Fish lice are another type of parasite that can be found on the skin, fins, and gills of fish. These parasites have been found on fish that spend part of their lifetime in freshwater and part of their life in saltwater, like salmon. Larval roundworms or nematodes can be found in the body cavity of the fish, on the intestines, on the liver, or embedded in the skin of the fish. The parasites can cause lesions or growths in the stomach walls of the host.  All of these parasites will cause harm to or kill their hosts over time. While diving in the Edmonds Underwater Park, I have seen lingcod that are infected with tumors in their mouths. These tumors can be caused by parasites, but also may be injuries from fishing, pollution, or viruses.

Each organism has a relationship with other organisms and their physical environment. This is what we call an ecosystem, and these relationships are important to the health and balance of the ecosystems. As a diver and photographer, I have begun to look closely at how organisms in Puget Sound interact with each other. I love to see mutualistic relationships, when animals help each other. I interact with ocean organisms too– not only in the ocean but with the actions I take in my day-to-day life. What I choose to eat, which products I buy, where I put my trash, and how I use fresh water affect the ocean and its inhabitants. Whether or not we realize it, we each interact with the ocean in some sort of way. As humans, we need the ocean, but the ocean does not need us. Most of us have a parasitic type of symbiotic relationship with the ocean, as seen in collapsing fisheries and pollution in the Puget Sound, Salish Sea, and around the world. We need to change our relationship with the ocean to make it commensal. Some things we can each do to take care of our underwater backyard are to stop using single-use plastic products that can end up in the ocean, make sure the seafood we buy is from sustainable sources to protect the animals’ populations, and use our voices to tell friends and family how all of our lives are connected to the ocean. We all need to speak up for our ocean to care and protect it. As my dive instructor and mentor Annie Crawley always says, “Without you, our ocean has no voice. Speak up for our ocean, she needs us now more than ever before!”

— By Elise Foot Puchalski

At age 12, Elise learned to dive at Edmonds Underwater Park. Since then, she has been studying the ocean with the eyes of a scientist and photographer. Now a 15-year-old student at Mountlake Terrace High School, Elise loves exploring and learning about Edmonds Underwater Park. She is always excited to help new ocean explorers learn how to set up their gear and identify creatures. She hopes that by sharing her ocean experience, it will inspire others. Aside from diving, Elise plays lacrosse, runs cross country, skis, paints, and bakes awesome cookies for the Dive Team. She hopes to become a shark researcher.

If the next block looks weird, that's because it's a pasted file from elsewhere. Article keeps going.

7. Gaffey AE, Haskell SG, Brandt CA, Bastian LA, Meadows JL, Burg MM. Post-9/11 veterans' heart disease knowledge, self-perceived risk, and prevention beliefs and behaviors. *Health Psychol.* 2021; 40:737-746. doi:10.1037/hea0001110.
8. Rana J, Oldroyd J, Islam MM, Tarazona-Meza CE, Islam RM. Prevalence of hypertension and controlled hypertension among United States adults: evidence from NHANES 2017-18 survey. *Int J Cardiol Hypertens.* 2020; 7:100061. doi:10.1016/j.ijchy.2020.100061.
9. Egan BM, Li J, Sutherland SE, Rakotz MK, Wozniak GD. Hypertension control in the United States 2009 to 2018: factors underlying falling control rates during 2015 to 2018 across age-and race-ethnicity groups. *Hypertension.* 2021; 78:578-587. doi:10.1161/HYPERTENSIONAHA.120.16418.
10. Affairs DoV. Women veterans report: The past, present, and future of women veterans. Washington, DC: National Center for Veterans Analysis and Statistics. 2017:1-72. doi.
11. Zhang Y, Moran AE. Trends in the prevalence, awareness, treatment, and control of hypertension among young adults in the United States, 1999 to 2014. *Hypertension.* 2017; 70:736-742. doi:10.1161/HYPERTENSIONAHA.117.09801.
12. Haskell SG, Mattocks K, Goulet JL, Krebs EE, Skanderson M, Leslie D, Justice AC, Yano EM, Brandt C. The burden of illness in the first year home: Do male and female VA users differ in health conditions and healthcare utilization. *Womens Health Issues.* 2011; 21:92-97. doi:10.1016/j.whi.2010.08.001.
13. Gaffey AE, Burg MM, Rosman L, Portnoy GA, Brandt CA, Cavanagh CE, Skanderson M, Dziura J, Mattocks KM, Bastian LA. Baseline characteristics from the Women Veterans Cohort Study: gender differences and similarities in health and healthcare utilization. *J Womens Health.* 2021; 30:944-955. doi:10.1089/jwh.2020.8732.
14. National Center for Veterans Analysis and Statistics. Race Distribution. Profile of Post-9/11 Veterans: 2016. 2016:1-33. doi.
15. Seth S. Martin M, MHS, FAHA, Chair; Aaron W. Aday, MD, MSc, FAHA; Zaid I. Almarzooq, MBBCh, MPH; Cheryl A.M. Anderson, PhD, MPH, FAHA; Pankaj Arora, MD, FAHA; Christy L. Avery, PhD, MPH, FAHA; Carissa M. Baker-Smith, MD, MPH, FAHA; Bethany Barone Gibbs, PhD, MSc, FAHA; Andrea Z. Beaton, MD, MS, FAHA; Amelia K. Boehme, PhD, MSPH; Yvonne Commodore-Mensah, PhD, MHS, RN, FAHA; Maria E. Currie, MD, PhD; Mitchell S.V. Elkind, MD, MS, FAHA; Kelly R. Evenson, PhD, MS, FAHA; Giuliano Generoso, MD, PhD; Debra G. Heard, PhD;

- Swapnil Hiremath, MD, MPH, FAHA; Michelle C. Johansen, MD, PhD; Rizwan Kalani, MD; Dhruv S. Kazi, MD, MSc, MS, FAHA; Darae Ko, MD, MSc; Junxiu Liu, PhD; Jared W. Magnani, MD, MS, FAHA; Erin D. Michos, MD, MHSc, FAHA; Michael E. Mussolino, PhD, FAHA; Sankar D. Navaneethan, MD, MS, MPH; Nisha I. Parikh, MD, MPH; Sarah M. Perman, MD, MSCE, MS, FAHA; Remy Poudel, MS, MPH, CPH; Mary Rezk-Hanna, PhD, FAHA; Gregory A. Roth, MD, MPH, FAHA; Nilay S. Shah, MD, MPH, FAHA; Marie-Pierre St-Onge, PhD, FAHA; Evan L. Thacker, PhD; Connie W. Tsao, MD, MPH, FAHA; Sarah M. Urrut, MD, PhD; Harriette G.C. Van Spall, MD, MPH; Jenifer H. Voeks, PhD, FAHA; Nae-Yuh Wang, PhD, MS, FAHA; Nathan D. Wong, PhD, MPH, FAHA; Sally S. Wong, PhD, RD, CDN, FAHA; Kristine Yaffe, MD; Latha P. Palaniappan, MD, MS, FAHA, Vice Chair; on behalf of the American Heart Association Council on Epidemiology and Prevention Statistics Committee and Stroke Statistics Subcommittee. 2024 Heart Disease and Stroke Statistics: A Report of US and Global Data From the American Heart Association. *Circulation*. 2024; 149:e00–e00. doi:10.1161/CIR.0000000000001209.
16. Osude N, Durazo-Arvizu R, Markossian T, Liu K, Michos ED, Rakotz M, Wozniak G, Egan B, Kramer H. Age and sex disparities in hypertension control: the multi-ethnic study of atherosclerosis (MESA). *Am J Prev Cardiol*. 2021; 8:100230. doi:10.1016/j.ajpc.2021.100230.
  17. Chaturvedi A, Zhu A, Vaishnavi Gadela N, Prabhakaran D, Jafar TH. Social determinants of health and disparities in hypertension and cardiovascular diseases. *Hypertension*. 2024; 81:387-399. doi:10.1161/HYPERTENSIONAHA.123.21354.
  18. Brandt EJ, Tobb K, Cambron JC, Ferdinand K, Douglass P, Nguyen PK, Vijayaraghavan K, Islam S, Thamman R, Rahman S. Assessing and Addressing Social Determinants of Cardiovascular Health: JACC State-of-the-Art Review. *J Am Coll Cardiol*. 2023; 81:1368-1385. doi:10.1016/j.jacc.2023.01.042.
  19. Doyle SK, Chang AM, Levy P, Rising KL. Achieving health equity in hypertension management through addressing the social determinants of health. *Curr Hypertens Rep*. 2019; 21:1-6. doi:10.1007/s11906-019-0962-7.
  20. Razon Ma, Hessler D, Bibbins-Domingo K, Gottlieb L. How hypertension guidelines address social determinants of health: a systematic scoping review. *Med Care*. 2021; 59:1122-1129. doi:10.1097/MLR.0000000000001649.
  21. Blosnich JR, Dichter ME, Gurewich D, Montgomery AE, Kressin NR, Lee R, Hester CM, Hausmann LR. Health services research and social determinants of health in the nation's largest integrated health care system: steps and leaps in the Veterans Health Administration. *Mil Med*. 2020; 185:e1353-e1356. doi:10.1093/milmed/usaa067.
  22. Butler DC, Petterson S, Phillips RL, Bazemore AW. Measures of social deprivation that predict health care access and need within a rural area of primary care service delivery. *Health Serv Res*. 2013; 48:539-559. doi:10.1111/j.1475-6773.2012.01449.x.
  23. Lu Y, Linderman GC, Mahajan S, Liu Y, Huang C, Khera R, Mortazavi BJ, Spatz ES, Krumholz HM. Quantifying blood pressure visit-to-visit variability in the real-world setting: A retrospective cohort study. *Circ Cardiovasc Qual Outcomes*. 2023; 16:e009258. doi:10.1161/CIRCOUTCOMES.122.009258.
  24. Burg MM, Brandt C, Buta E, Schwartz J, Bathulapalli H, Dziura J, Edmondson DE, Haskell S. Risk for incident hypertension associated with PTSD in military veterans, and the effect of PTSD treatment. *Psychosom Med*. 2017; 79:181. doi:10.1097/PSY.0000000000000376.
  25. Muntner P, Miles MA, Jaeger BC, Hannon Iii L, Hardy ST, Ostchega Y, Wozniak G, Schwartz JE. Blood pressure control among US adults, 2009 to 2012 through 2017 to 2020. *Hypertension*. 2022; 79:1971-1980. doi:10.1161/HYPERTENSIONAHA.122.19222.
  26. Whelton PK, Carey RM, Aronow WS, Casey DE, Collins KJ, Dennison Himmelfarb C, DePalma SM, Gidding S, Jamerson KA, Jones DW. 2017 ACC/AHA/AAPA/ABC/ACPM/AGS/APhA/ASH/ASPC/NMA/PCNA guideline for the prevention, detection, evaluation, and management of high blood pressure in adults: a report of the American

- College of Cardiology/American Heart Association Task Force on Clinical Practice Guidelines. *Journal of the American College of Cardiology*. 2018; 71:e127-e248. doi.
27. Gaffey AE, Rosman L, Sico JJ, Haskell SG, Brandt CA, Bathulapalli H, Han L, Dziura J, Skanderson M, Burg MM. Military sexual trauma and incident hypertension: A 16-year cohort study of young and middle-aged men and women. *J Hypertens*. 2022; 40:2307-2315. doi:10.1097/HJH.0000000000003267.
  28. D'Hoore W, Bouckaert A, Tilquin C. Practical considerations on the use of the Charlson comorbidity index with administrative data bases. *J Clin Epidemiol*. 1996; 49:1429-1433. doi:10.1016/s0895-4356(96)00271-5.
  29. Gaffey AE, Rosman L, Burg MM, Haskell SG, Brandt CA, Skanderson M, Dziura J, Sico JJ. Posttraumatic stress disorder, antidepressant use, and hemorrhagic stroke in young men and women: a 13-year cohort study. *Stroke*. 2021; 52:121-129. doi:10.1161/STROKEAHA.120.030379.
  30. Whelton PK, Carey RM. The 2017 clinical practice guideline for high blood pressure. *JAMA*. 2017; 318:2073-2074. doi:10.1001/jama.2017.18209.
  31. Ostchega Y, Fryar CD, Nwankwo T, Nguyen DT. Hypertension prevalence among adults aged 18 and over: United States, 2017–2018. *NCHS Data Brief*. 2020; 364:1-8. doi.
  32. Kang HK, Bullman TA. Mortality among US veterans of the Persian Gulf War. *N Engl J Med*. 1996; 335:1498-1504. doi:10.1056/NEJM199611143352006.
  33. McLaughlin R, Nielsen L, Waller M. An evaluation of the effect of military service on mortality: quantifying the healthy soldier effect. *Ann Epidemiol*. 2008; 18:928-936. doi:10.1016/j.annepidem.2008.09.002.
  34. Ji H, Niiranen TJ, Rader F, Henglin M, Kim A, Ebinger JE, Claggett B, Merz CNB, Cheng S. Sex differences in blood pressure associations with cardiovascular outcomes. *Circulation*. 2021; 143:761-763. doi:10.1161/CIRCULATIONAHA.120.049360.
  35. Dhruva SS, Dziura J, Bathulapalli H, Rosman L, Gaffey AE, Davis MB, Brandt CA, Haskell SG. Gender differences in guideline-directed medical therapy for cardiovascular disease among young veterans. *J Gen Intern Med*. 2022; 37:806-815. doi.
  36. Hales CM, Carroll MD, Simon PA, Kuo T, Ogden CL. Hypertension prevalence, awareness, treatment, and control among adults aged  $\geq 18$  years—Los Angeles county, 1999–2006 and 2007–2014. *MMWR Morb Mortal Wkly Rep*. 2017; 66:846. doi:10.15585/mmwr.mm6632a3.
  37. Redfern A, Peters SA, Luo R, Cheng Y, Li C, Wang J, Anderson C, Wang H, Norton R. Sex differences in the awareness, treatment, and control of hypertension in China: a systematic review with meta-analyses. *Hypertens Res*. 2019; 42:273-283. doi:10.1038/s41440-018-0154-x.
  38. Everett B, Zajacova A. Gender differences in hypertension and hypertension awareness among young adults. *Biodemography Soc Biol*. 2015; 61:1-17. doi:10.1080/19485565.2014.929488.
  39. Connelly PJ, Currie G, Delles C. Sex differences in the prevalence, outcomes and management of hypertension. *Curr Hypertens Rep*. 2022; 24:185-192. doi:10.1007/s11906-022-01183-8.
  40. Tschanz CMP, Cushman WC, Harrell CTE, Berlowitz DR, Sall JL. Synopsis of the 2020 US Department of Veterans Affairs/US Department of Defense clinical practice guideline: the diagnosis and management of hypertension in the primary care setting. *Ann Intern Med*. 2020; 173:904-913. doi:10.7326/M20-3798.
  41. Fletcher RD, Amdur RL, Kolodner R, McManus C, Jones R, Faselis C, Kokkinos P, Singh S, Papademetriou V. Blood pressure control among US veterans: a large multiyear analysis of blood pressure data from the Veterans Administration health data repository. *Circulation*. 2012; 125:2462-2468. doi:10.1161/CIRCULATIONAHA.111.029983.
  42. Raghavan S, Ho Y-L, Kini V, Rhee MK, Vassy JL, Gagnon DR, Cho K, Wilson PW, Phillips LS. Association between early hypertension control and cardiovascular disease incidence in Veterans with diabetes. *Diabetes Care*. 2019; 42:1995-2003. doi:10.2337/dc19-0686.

You and your kids do not need to be a scuba diver to join Annie Crawley’s Dive Team, you just need to commit to becoming a voice for our ocean. Our mission and vision is for everyone in the community to share stories about our ocean because without us, the ocean has no voice. Join the dive team today and lend your voice to ocean conservation: www.ouroceanandyou.com/join-now


  1. Great article. Puget sound used to be full of wonderful rock fish species that were over fished both by sport and commercial user groups. Great example of us being parasites so to speak.

    We used to cast for black rock fish (called sea bass) where the Underwater Park is. They would come in, in large schools after dark and we fished on them for hours with white jigs, taking way too many at times. With strict state regulation the various rock fishes are coming back to the Salish Sea. Let’s hope, when and if the time comes, we have strict regulations about use of this resource. Unlike salmon, the rock fish grow slow and it takes years (15 or 20) to replace the larger ones. There was no limit or rules on taking these fish for years.